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Cloning Research Gives Way To Bioethics Questions

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Cloning Research Gives Way To Bioethics Questions


Cloning Research Gives Way To Bioethics Questions

Cloning Research Gives Way To Bioethics Questions

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  • <iframe src="" width="100%" height="290" frameborder="0" scrolling="no" title="NPR embedded audio player">
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Researchers in New York are reporting that, for the first time, they've used cloning techniques to successfully create human embryos in the lab. Guy Raz talks about the ethical implications of this research with Insoo Hyun, associate professor of bioethics at Case Western Reserve University.


Now that scientists have used cloning techniques to create a human embryo, there's sure to be debate about the ethics of all this. Insoo Hyun is an associate professor of Bioethics at Case Western Reserve University, and he joins me now. Welcome to the program.

INSOO HYUN: Good to be here. Thank you.

RAZ: A we just heard from Joe Palca, some people are morally opposed to this kind of research. What is their argument?

HYUN: Well, some people may think that we are now down a slippery slope toward getting cloned babies. And that's certainly a major concern for policymakers and the public.

RAZ: Well, what about the possibility, though, of reproductive cloning? I mean, are we - are we going down that slope?

HYUN: Well, as the research shows, human reproductive cloning is a really, really long ways away because human research clinics, just to get stem cells, is so difficult. And every technology has a good use and has a bad use. And the reasonable response to this fact is not to ban this technology altogether, but it's to prevent the abuses of this technology.

Reproductive cloning violates all international guidelines for stem cell research and all U.S. guidelines.

RAZ: But of course, every time new research like this comes out, that's the first thing people think about.

HYUN: Exactly. Many people go right to the science fiction scenarios of how this technology might spin out of control.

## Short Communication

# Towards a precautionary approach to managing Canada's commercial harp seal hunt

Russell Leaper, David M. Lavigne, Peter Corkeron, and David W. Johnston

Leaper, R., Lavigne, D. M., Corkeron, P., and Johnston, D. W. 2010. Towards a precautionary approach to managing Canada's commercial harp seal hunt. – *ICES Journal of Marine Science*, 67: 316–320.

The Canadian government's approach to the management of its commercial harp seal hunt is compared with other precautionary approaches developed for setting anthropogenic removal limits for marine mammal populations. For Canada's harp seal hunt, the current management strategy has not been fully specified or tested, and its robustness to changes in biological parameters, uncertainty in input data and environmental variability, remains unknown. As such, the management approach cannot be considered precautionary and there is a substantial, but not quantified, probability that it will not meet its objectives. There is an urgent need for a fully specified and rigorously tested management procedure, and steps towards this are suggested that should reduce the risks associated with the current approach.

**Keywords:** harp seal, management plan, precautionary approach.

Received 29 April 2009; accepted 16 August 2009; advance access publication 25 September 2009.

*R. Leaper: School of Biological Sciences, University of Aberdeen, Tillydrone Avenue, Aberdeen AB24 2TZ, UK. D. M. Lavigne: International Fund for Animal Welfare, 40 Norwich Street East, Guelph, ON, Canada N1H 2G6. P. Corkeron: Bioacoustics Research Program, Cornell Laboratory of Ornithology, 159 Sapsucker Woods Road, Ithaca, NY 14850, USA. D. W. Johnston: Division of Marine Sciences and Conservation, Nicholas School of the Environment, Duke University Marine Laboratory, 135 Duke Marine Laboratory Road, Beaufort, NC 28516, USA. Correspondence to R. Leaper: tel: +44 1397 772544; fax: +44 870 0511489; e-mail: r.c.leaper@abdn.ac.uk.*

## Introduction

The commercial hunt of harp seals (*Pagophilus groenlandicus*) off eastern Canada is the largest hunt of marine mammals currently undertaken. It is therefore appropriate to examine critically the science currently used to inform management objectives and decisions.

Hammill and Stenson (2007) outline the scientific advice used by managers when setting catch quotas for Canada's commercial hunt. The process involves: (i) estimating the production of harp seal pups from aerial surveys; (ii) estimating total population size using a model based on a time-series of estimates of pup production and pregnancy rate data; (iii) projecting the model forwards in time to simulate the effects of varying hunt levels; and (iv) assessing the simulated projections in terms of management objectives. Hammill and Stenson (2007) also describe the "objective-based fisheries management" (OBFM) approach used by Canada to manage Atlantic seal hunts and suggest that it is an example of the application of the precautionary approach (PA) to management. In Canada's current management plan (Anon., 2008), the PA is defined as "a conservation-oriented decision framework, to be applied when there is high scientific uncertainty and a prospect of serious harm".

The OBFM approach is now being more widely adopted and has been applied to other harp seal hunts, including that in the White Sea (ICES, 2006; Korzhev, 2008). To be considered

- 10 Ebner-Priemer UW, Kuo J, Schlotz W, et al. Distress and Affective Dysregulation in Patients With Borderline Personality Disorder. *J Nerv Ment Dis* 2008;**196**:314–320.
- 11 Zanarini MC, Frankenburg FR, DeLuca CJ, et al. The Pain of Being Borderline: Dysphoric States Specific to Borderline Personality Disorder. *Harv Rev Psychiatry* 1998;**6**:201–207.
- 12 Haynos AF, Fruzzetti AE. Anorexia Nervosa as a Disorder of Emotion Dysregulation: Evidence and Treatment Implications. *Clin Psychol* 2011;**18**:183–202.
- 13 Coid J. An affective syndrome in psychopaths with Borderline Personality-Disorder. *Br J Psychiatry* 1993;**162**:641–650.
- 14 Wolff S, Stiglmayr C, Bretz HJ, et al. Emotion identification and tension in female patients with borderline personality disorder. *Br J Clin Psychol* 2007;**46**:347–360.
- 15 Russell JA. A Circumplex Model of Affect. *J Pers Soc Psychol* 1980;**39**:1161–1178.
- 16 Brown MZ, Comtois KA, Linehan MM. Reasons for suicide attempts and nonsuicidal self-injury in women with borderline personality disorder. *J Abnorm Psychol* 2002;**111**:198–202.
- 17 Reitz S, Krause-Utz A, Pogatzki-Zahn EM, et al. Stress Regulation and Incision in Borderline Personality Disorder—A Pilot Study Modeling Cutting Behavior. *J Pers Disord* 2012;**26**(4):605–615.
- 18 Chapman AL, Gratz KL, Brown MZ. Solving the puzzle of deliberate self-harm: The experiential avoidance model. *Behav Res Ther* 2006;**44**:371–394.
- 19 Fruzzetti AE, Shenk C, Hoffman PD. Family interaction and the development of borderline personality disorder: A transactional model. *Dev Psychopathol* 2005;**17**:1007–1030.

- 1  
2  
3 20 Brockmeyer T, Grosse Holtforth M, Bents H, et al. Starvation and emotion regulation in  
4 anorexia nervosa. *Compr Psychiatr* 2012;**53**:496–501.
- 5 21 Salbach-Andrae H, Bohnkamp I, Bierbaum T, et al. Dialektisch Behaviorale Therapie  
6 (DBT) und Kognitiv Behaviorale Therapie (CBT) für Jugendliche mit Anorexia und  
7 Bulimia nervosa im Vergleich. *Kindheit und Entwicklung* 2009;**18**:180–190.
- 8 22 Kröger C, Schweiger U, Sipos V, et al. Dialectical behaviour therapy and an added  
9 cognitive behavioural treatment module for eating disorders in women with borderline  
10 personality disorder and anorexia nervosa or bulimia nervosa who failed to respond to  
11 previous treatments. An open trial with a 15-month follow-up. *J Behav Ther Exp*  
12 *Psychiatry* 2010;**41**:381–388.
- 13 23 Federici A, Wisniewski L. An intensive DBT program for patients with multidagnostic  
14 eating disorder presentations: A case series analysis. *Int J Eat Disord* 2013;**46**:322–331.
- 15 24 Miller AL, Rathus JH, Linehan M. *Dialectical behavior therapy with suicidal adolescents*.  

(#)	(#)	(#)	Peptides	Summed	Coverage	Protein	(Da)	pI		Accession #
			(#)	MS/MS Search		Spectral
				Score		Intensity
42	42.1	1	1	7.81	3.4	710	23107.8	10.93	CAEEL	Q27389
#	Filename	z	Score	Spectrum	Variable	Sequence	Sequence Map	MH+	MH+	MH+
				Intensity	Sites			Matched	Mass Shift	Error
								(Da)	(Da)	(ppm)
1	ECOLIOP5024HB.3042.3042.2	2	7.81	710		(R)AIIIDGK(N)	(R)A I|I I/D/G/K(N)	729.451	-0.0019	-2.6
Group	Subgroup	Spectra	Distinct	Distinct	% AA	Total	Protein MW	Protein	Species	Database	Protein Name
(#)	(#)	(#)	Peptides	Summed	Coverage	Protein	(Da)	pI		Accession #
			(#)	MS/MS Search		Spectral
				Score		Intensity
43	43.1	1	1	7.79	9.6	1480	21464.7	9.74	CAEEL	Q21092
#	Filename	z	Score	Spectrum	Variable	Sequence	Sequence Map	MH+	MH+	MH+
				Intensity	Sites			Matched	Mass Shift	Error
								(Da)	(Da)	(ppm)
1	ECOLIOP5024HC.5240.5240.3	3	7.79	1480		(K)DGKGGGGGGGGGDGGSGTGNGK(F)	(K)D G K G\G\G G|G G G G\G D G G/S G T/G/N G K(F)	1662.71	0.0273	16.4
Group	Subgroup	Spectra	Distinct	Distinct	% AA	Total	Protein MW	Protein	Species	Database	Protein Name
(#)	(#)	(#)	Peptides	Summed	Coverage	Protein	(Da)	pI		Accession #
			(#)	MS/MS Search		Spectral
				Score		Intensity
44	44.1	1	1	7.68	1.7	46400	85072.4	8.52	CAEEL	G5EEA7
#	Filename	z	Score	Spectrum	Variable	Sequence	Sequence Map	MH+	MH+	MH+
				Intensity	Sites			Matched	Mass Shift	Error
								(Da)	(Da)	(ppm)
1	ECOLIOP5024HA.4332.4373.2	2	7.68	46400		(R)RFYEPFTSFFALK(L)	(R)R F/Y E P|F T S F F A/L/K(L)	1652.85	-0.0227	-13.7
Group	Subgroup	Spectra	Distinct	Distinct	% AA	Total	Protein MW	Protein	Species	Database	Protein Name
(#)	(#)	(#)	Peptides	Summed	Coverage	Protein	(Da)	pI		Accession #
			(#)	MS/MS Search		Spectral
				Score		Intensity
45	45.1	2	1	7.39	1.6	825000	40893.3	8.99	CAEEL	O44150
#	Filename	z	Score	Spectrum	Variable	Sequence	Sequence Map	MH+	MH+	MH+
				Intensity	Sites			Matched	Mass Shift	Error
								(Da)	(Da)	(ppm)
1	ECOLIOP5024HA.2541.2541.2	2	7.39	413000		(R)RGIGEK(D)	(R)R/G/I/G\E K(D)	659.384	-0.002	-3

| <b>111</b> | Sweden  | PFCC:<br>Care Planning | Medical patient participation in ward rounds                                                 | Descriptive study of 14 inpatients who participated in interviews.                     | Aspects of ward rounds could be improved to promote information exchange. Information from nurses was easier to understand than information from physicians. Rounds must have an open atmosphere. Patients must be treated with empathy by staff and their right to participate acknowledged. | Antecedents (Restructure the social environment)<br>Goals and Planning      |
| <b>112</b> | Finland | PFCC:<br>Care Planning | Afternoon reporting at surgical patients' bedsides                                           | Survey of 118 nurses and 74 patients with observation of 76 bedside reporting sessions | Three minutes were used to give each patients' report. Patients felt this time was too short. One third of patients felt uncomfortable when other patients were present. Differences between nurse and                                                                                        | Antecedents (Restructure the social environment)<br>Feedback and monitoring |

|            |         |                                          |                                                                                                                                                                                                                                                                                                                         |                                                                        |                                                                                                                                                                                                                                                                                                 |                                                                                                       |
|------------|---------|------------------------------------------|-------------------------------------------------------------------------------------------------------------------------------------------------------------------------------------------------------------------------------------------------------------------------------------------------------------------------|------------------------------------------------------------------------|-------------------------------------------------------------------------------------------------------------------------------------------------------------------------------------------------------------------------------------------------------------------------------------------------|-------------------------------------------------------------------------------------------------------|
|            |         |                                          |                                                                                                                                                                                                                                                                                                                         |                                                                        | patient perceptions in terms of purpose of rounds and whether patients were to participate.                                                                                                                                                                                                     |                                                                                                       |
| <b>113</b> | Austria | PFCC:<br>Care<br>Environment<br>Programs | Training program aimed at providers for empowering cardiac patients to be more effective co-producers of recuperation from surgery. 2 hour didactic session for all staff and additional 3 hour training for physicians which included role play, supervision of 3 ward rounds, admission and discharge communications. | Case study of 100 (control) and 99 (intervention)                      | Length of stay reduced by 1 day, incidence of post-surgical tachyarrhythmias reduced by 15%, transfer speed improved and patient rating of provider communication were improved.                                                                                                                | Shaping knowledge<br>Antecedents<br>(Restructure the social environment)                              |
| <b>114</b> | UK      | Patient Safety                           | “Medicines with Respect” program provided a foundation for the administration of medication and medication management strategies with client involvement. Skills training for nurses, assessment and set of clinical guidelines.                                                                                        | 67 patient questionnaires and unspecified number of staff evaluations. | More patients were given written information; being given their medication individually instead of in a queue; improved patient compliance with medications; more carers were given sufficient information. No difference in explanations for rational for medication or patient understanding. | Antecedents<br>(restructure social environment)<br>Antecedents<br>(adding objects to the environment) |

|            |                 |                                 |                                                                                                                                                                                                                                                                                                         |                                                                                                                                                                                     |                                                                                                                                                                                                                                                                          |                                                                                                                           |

RAZ: Now, to make these cloned embryos, the ones that Joe was reporting on, scientists needed a supply of human eggs. These were researchers in New York. They seem to be able to get all they needed. But other researchers in other states have had problems convincing women to become egg donors. What did the researchers in New York do differently?

HYUN: The researchers in New York followed New York State laws in allowing for compensation for time, effort and inconvenience of the egg donors. Prior to that, all other attempts to recruit egg donors were miserable failures because women simply were not willing to provide their eggs and undergo all that stress for free.

What's curious is that in all research locales, healthy research volunteers that give up part of their bodies for research - whether it's a little bit of a lung, a little bit of a liver or bone marrow - are very often paid for their time, effort, and inconvenience in recognition of that sacrifice and that effort they had to put in, to help the research team. Egg donors for stem cell research are the glaring exception in these states.

RAZ: So in New York, women can be paid. In other states, they can't be paid for donating eggs for research?

HYUN: Yes. In other states, they can get their expenses covered - whether it's cafeteria meals or parking tickets or babysitting fees - but they can't get any further financial recognition of their sacrifice.

RAZ: But in other instances, in those same states, they can get paid for donating eggs, right, if it's for other purposes?

HYUN: In all other states, women donors can get paid to donate their eggs to a couple who's seeking fertility treatment, that's certainly true.

RAZ: So explain the thinking behind the restrictions on paying women to donate eggs for this kind of research.

HYUN: The main concern is that when you put money on the table, women would not give a fully voluntary choice to participate. So the idea is that paying women for the time and inconvenience may be exploitative of women who are in desperate need of money. That's the main concern, that it undermines people's voluntary choice.

RAZ: Now, this research was done with private money. During the administration of George W. Bush, there were strict limits on federal funding for research on human embryonic stem cells. Many of those restrictions have been lifted by the Obama administration. Could this work today, that it was announced today, could it have been done with federal dollars?

HYUN: No, it could not have. One restriction is still in place, and that is that you cannot use federal funds to do research where embryos are created and destroyed in the process. But more importantly, researchers today cannot even study these new stem cell lines using federal funds because it came from a research embryo.

RAZ: If researchers are willing to use private money, are there still limitations on what kinds of stem cell research they can carry out in the U.S.?

HYUN: There are. You cannot, for example, put these cloned human embryos into a uterus to try to produce a pregnancy.

RAZ: But they still have greater leeway, right, and fewer restrictions than they would if they used federal money.

HYUN: That's absolutely correct. And that's why this research was able to get done in New York State.

RAZ: Insoo Hyun is an associate professor of bioethics at Case Western Reserve University.

Professor Hyun, thank you so much.

HYUN: Thank you.

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